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Electromagnetic fields of surface coil in vivo NMR at high frequencies†
Article first published online: 18 NOV 2005
Copyright © 1991 Wiley-Liss, Inc., A Wiley Company
Magnetic Resonance in Medicine
Volume 22, Issue 2, pages 467–480, December 1991
How to Cite
Keltner, J. R., Carlson, J. W., Roos, M. S., Wong, S. T. S., Wong, T. L. and Budinger, T. F. (1991), Electromagnetic fields of surface coil in vivo NMR at high frequencies. Magn Reson Med, 22: 467–480. doi: 10.1002/mrm.1910220254
- Issue published online: 18 NOV 2005
- Article first published online: 18 NOV 2005
- Manuscript Revised: 27 NOV 1990
- Manuscript Received: 9 AUG 1990
- Director, Office of Energy Research, of the U.S. Department of Energy. Grant Number: DE-AC03-76SF00098
- National Heart, Lung and Blood Institute. Grant Numbers: HL 25840, HL 07367
- International Machines Corporation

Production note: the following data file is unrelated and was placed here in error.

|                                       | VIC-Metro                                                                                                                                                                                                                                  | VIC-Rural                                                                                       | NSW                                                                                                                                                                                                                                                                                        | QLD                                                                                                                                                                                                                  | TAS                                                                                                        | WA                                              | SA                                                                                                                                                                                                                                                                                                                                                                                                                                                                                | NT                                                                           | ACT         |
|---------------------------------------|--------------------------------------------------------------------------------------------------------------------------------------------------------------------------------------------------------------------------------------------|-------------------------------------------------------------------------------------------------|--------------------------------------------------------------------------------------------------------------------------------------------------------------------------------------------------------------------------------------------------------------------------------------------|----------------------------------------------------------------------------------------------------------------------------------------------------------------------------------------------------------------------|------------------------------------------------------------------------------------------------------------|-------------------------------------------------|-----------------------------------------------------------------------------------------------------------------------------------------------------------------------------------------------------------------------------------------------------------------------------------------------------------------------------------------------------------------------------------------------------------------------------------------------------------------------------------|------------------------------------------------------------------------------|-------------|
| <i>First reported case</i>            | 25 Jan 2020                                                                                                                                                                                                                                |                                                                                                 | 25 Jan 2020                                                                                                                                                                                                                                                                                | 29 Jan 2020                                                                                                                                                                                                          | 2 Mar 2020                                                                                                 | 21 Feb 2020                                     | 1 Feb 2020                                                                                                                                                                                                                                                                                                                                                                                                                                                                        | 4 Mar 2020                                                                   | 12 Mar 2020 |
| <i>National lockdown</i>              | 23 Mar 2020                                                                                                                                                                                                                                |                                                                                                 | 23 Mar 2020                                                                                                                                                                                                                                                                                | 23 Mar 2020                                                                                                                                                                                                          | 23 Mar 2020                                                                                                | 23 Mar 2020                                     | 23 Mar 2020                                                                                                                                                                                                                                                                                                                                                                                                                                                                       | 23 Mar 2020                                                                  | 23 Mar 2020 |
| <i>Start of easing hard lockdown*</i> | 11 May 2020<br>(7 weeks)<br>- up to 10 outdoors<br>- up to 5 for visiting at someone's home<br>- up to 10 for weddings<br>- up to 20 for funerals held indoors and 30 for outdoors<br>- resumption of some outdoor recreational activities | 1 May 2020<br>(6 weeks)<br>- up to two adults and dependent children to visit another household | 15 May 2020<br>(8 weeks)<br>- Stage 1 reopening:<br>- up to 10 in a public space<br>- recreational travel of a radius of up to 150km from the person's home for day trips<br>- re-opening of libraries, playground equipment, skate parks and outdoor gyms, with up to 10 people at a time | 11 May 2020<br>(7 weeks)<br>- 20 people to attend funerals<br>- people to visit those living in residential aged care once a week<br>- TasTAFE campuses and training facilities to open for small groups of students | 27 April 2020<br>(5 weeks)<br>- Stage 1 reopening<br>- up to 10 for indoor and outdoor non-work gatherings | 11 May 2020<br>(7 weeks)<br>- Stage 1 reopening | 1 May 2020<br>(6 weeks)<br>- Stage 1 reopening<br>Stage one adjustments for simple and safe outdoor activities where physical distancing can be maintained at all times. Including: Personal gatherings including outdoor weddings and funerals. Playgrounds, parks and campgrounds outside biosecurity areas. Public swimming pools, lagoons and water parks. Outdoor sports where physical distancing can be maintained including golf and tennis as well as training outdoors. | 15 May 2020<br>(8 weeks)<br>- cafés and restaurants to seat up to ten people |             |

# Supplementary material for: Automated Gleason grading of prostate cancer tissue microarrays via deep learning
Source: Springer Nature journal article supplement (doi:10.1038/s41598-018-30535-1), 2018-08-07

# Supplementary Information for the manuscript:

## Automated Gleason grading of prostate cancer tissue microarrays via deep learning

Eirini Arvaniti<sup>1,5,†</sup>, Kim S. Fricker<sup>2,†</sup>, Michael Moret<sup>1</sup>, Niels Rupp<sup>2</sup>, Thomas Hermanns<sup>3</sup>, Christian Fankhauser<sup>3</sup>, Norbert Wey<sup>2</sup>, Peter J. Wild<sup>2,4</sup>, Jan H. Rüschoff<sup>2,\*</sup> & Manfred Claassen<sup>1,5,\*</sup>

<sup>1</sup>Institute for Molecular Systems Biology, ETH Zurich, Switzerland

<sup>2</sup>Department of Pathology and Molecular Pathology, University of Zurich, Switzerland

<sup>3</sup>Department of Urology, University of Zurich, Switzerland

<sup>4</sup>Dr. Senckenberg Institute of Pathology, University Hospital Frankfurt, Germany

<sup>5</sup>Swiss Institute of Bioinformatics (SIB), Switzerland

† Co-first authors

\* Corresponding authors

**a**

A high frequency solution of the electromagnetic field produced by a circular surface coil adjacend to a homogenous conducting, dielectric sphere is used to predict the attainable signal to noise ratio (S/N) and specific absorption rate (SAR) for in vivo1H NMR spec troscopy experiments from 200 to 430 MHz (4.7–10T). Above 200 MHz the S/N increases more rapidly with frequency and the SAR increases less rapidly compared with the respective S/N and SAR frequency dependence below 200 MHz. The difference in frequency dependence is due to dielectric resonances of the magnetic field inside the sphere at frequencies above 200 MHz. It is predicted that surface coil 1H NMR experiments may be performed on a head-sized sphere, having conductivity and relative dielectric constant of brain, at frequencies up to 430 MHz without exceeding 8 W/kg local SAR and 3.2 W/kg SAR. The calculations of the S/N and SAR are used to determine optimum surface coil geometries for NMR experments. The power radited by the surface coil in the absence of shielding and asymmetries in the received signal with respect to the plane defined by the surface coil axix and the direction of the static magnetic field are significant at high frequency. Experimental measurements of the magnetic field inside a head-sized sphere verfy the presence of dielectric resonances at frequencies above 200 MHz. © 1991 Academic Press, Inc.